In other words, although and investment can be made through full payment of equity capital, it is not deemed an obligation.
The law also does not establish any minimum investment value, due to the same being beneficial for the diversification of economic activity by way of the company's development.
Therefore, the value of the investment should compatible to the activity of the developer, in other words, it should be the sufficient amount to launch business activities. The amount of the investment also serves to prove the credibility of the business proposal.
Will I be allowed to work in other EU countries?
It is important to bring up the matter of freedom to circulate and work in other EU countries, as it is has been said that the beneficiary of these types of visas – rectius, of the residential legality that it allows for – can work in other countries of the European Union.
This information is incorrect. Every EU country has its own rules in respects to non-EU residents ability to practice a professional activity as a private individual or as a service provider within a business entity which has been established in Portugal. If the objective of the visa for immigrant entrepreneurs is in fact to allow for ones settlement in another EU country, it is of high importance that the applicant consult the internal legislation of that country first, since there is a strong possibility that the Portuguese visa will not to allow one to practice any professional activity in another EU country, even within the context of a exercising a business activity.
Therefore, the Immigrant Entrepreneur visa is only valid for Portugal. If one wishes to work and reside in another EU country, they should obtain a visa for that country.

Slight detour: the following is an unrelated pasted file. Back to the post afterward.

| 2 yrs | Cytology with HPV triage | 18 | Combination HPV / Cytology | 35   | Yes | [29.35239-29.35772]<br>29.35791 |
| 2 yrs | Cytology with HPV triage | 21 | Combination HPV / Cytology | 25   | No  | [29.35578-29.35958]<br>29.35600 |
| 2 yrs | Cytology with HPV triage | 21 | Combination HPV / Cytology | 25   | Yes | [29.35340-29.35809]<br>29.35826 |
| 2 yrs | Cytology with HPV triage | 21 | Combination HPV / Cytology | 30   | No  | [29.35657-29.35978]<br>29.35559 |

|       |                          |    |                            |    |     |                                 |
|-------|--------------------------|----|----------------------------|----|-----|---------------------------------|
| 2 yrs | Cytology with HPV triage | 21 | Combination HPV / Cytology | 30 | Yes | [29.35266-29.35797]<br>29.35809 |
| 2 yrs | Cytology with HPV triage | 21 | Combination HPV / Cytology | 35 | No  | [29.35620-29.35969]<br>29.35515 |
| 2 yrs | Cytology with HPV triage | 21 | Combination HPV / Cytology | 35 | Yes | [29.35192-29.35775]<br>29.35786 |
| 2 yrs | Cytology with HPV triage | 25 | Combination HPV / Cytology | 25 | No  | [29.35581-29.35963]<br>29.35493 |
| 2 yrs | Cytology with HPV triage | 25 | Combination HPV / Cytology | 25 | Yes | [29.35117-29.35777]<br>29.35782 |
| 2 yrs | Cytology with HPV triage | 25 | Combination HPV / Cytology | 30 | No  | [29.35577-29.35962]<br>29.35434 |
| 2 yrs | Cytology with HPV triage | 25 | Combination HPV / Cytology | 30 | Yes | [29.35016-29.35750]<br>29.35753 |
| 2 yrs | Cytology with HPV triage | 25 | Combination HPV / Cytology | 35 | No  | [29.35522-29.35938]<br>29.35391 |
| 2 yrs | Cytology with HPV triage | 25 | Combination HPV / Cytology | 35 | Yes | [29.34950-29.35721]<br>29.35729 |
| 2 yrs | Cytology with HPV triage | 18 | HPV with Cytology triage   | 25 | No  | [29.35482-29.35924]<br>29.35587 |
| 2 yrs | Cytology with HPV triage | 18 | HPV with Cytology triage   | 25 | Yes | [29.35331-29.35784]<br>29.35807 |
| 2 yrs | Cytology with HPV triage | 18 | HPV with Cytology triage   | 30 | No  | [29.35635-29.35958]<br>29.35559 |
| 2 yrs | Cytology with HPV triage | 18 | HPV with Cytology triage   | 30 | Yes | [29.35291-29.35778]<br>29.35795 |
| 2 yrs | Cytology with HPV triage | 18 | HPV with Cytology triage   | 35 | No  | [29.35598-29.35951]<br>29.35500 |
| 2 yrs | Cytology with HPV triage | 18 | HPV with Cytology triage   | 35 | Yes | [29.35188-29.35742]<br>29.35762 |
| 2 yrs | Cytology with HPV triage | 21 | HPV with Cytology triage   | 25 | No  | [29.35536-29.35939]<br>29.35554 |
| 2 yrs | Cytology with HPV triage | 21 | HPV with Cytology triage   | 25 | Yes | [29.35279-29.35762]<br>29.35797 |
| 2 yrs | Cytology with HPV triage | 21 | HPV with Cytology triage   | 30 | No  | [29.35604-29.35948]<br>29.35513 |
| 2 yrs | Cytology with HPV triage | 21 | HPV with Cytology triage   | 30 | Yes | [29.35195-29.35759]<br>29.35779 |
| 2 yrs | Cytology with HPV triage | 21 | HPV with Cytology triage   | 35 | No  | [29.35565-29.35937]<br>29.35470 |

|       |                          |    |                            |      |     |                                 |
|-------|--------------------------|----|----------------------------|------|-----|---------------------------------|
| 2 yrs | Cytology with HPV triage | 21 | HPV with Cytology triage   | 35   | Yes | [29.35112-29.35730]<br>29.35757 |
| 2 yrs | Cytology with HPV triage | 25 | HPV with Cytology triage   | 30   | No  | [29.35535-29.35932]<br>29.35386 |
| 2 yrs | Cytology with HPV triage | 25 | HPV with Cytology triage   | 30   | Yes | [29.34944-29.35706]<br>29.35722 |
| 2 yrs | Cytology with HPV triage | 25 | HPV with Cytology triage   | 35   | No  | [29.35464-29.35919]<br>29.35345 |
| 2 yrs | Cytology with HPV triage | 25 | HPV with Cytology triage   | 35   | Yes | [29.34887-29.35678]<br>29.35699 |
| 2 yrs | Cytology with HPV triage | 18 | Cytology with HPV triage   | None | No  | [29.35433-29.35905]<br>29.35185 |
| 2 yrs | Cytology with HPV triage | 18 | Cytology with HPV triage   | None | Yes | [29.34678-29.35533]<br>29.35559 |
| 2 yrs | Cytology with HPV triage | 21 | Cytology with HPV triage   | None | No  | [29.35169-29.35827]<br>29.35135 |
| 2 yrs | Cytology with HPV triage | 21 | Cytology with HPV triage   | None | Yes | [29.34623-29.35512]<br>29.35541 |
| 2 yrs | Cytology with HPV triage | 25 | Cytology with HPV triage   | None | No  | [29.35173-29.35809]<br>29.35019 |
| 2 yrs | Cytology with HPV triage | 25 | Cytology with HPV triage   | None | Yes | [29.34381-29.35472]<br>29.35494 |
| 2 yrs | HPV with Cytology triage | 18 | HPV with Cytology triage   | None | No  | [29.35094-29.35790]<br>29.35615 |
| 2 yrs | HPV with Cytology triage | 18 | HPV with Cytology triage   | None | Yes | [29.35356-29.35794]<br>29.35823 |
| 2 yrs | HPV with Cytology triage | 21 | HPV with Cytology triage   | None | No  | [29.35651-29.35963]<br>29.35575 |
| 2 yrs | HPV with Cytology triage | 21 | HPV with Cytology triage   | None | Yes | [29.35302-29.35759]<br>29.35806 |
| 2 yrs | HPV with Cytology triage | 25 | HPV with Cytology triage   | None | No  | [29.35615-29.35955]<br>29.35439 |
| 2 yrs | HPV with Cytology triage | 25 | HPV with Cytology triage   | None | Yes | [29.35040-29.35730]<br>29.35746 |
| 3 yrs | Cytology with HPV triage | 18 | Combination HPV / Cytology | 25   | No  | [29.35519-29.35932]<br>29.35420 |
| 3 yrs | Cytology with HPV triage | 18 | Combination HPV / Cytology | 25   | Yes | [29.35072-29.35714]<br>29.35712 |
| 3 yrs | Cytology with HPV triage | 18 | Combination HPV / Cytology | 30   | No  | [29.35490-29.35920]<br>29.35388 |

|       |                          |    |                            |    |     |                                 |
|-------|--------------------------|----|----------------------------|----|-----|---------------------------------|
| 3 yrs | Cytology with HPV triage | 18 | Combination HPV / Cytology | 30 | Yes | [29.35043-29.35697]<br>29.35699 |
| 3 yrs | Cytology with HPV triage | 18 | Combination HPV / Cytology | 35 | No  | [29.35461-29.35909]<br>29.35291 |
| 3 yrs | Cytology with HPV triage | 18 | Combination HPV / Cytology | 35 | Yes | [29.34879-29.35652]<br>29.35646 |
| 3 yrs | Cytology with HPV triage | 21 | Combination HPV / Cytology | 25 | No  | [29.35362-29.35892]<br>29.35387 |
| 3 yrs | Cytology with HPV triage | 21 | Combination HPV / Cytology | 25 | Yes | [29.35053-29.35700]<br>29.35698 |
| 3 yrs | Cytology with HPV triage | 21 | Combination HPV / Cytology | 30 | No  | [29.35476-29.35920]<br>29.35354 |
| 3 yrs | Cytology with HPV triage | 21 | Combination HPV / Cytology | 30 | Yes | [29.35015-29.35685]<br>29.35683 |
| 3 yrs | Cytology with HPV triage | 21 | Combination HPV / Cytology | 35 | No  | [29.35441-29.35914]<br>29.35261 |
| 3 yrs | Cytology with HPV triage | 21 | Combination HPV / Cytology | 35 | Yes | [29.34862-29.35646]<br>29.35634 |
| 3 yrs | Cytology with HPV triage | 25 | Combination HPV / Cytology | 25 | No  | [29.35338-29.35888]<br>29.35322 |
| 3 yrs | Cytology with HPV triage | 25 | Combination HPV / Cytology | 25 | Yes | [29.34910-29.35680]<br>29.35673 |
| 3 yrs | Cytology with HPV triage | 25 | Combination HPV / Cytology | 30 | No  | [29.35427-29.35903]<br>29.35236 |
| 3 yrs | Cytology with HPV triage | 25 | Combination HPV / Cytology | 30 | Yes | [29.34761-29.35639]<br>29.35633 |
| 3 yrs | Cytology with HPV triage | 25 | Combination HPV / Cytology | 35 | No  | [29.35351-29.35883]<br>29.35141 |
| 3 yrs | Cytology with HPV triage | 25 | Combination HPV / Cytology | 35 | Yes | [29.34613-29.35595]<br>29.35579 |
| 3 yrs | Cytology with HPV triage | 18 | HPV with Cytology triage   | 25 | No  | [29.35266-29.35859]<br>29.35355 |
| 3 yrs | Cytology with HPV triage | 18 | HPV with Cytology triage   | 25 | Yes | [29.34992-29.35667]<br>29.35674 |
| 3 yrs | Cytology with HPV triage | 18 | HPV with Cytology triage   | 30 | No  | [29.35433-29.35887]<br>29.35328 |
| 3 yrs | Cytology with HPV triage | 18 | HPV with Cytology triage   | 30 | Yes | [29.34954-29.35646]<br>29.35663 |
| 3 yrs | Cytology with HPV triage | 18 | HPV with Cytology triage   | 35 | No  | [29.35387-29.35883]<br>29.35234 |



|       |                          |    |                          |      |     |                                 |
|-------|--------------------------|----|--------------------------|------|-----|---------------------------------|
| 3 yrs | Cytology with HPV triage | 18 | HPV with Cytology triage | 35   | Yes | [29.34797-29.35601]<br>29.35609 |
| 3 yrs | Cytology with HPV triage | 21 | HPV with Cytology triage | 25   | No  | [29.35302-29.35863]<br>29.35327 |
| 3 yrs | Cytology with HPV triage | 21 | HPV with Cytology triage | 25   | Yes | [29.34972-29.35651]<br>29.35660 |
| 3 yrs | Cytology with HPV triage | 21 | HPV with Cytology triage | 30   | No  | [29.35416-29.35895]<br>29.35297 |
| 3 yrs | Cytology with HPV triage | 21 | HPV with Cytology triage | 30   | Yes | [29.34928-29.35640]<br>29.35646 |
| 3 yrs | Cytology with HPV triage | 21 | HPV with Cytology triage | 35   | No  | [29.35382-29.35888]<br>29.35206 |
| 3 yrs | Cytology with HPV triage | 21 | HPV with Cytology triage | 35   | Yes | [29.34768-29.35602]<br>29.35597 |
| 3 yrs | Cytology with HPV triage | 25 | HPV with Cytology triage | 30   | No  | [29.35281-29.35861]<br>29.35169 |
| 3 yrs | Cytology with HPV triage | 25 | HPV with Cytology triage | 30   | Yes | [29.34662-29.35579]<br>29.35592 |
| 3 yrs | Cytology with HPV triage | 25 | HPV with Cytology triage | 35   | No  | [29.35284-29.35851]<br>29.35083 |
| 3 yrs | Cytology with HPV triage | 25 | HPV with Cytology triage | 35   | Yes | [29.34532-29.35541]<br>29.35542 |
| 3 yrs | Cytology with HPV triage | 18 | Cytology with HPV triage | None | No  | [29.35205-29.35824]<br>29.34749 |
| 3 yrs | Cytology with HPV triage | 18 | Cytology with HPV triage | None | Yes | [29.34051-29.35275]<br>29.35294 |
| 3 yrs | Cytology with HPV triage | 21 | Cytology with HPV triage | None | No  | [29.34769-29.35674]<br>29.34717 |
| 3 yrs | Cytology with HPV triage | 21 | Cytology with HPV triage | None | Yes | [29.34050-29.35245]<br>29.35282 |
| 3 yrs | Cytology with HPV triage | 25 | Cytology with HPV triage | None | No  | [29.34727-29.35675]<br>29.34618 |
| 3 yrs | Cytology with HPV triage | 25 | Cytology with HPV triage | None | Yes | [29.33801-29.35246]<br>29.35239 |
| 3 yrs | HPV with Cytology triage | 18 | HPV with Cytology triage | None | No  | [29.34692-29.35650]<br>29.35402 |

Does this visa allow me to work in Portugal?
The authorization of residence which comes with this type of visa allows for the holder to work in other establishments other than their own business.
Can I use this visa as a form to emigrate to Portugal for the sole purpose of finding work?
This visa supposes that the applicant has genuine entrepreneurial goals, and it is set apart for this.
Will the company have to pay income tax?
The IRC is the tax on the profit of legal persons (legal entities), which is imposed during the proper taxation period (Article 1 of the CIRC).
Taxable Entities
According to the IRC, taxable entities are those commercial or civil enterprises (operating in commercial form), which are either headquartered or managed in Portuguese territory. (Article 2 of the CIRC).
Tax Basis
THE IRC focuses on the profit of commercial or civil enterprises (operating in commercial form), which are primarily engaged in activities of a commercial, industrial or agricultural nature, thus taking into account all activities which make up the economic operations of a business, including the providing of services. (Article 3 of the CIRC).
Taxation Period
THE IRC is owed at each taxation period, which coincides, as a rule, with one calendar year (Article 8 of the CIRC). However, the taxation period can be less than a year, namely, in the first year of taxation, which is calculated by the time when business activities begin, or when enough profits are obtained to allow it to be subject to taxation, and the end of the following taxation period.
The general IRC tax is 21% (Article 87 of the CIRC, with an alteration introduced by Law Nº 82-B/2014, from December 31).